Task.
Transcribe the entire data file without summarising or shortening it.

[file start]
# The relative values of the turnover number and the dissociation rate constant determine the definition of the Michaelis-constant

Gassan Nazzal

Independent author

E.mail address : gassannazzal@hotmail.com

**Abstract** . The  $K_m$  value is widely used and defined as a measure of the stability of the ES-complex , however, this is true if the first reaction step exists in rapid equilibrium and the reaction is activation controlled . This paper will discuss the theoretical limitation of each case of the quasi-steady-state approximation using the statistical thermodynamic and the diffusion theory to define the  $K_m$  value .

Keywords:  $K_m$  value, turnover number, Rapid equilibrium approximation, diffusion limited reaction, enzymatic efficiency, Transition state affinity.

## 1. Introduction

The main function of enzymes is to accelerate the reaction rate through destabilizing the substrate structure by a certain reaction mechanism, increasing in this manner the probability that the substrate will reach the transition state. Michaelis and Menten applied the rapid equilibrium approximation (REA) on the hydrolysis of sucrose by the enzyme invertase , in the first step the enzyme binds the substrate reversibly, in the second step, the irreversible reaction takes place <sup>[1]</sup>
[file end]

# The relative values of the turnover number and the dissociation rate constant determine the definition of the Michaelis-constant

Gassan Nazzal

Independent author

E.mail address : gassannazzal@hotmail.com

**Abstract** . The  $K_m$  value is widely used and defined as a measure of the stability of the ES-complex , however, this is true if the first reaction step exists in rapid equilibrium and the reaction is activation controlled . This paper will discuss the theoretical limitation of each case of the quasi-steady-state approximation using the statistical thermodynamic and the diffusion theory to define the  $K_m$  value .

Keywords:  $K_m$  value, turnover number, Rapid equilibrium approximation, diffusion limited reaction, enzymatic efficiency, Transition state affinity.

## 1. Introduction

The main function of enzymes is to accelerate the reaction rate through destabilizing the substrate structure by a certain reaction mechanism, increasing in this manner the probability that the substrate will reach the transition state. Michaelis and Menten applied the rapid equilibrium approximation (REA) on the hydrolysis of sucrose by the enzyme invertase , in the first step the enzyme binds the substrate reversibly, in the second step, the irreversible reaction takes place <sup>[1]</sup>